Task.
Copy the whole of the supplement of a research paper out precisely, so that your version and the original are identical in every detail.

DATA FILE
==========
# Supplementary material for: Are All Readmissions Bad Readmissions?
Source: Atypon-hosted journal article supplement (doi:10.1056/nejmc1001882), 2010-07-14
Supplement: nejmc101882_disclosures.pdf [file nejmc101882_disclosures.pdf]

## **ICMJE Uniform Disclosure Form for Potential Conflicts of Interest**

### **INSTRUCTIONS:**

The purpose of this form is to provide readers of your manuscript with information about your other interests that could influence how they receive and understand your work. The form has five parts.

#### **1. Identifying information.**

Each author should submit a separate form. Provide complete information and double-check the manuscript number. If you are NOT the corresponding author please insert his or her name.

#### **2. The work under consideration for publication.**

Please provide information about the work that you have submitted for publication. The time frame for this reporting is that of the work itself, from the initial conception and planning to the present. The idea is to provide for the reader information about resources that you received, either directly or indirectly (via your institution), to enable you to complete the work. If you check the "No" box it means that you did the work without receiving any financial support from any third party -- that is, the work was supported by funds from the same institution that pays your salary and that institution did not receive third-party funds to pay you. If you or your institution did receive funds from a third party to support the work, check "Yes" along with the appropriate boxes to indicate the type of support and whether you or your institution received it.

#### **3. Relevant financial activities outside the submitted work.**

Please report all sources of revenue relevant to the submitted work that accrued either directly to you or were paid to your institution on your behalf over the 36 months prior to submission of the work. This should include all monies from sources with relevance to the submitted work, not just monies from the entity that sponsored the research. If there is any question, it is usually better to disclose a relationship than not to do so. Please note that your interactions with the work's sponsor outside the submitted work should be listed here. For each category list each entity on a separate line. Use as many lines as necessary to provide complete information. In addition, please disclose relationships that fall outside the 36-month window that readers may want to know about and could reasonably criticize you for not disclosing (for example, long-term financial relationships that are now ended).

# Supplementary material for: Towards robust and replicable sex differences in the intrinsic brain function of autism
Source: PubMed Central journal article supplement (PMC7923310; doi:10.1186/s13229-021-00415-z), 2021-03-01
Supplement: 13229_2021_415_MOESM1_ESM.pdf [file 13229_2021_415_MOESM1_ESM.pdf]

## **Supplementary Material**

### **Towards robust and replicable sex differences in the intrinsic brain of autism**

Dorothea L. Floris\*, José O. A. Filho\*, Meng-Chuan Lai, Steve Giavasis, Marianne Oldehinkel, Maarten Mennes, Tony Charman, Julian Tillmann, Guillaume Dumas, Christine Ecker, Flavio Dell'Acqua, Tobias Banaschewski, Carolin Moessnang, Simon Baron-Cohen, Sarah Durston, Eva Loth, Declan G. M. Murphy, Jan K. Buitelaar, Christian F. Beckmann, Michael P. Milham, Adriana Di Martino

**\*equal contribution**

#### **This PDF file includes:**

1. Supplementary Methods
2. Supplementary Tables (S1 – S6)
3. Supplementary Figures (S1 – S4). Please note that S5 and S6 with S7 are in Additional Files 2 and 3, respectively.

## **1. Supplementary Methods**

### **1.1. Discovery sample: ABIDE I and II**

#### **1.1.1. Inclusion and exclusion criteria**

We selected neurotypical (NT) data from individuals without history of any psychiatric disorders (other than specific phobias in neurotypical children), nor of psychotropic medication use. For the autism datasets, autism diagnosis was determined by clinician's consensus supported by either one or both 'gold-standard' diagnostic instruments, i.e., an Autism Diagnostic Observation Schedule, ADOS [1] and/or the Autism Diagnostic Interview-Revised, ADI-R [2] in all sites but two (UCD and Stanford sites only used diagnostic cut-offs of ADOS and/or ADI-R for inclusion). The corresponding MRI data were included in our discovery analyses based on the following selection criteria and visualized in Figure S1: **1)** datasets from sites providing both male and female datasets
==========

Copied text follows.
# Supplementary material for: Are All Readmissions Bad Readmissions?
Source: Atypon-hosted journal article supplement (doi:10.1056/nejmc1001882), 2010-07-14
Supplement: nejmc101882_disclosures.pdf [file nejmc101882_disclosures.pdf]

## **ICMJE Uniform Disclosure Form for Potential Conflicts of Interest**

### **INSTRUCTIONS:**

The purpose of this form is to provide readers of your manuscript with information about your other interests that could influence how they receive and understand your work. The form has five parts.

#### **1. Identifying information.**

Each author should submit a separate form. Provide complete information and double-check the manuscript number. If you are NOT the corresponding author please insert his or her name.

#### **2. The work under consideration for publication.**

Please provide information about the work that you have submitted for publication. The time frame for this reporting is that of the work itself, from the initial conception and planning to the present. The idea is to provide for the reader information about resources that you received, either directly or indirectly (via your institution), to enable you to complete the work. If you check the "No" box it means that you did the work without receiving any financial support from any third party -- that is, the work was supported by funds from the same institution that pays your salary and that institution did not receive third-party funds to pay you. If you or your institution did receive funds from a third party to support the work, check "Yes" along with the appropriate boxes to indicate the type of support and whether you or your institution received it.

#### **3. Relevant financial activities outside the submitted work.**

Please report all sources of revenue relevant to the submitted work that accrued either directly to you or were paid to your institution on your behalf over the 36 months prior to submission of the work. This should include all monies from sources with relevance to the submitted work, not just monies from the entity that sponsored the research. If there is any question, it is usually better to disclose a relationship than not to do so. Please note that your interactions with the work's sponsor outside the submitted work should be listed here. For each category list each entity on a separate line. Use as many lines as necessary to provide complete information. In addition, please disclose relationships that fall outside the 36-month window that readers may want to know about and could reasonably criticize you for not disclosing (for example, long-term financial relationships that are now ended).

# Supplementary material for: Towards robust and replicable sex differences in the intrinsic brain function of autism
Source: PubMed Central journal article supplement (PMC7923310; doi:10.1186/s13229-021-00415-z), 2021-03-01
Supplement: 13229_2021_415_MOESM1_ESM.pdf [file 13229_2021_415_MOESM1_ESM.pdf]

## **Supplementary Material**

### **Towards robust and replicable sex differences in the intrinsic brain of autism**

Dorothea L. Floris\*, José O. A. Filho\*, Meng-Chuan Lai, Steve Giavasis, Marianne Oldehinkel, Maarten Mennes, Tony Charman, Julian Tillmann, Guillaume Dumas, Christine Ecker, Flavio Dell'Acqua, Tobias Banaschewski, Carolin Moessnang, Simon Baron-Cohen, Sarah Durston, Eva Loth, Declan G. M. Murphy, Jan K. Buitelaar, Christian F. Beckmann, Michael P. Milham, Adriana Di Martino

**\*equal contribution**

#### **This PDF file includes:**

1. Supplementary Methods
2. Supplementary Tables (S1 – S6)
3. Supplementary Figures (S1 – S4). Please note that S5 and S6 with S7 are in Additional Files 2 and 3, respectively.

## **1. Supplementary Methods**

### **1.1. Discovery sample: ABIDE I and II**

#### **1.1.1. Inclusion and exclusion criteria**

We selected neurotypical (NT) data from individuals without history of any psychiatric disorders (other than specific phobias in neurotypical children), nor of psychotropic medication use. For the autism datasets, autism diagnosis was determined by clinician's consensus supported by either one or both 'gold-standard' diagnostic instruments, i.e., an Autism Diagnostic Observation Schedule, ADOS [1] and/or the Autism Diagnostic Interview-Revised, ADI-R [2] in all sites but two (UCD and Stanford sites only used diagnostic cut-offs of ADOS and/or ADI-R for inclusion). The corresponding MRI data were included in our discovery analyses based on the following selection criteria and visualized in Figure S1: **1)** datasets from sites providing both male and female datasets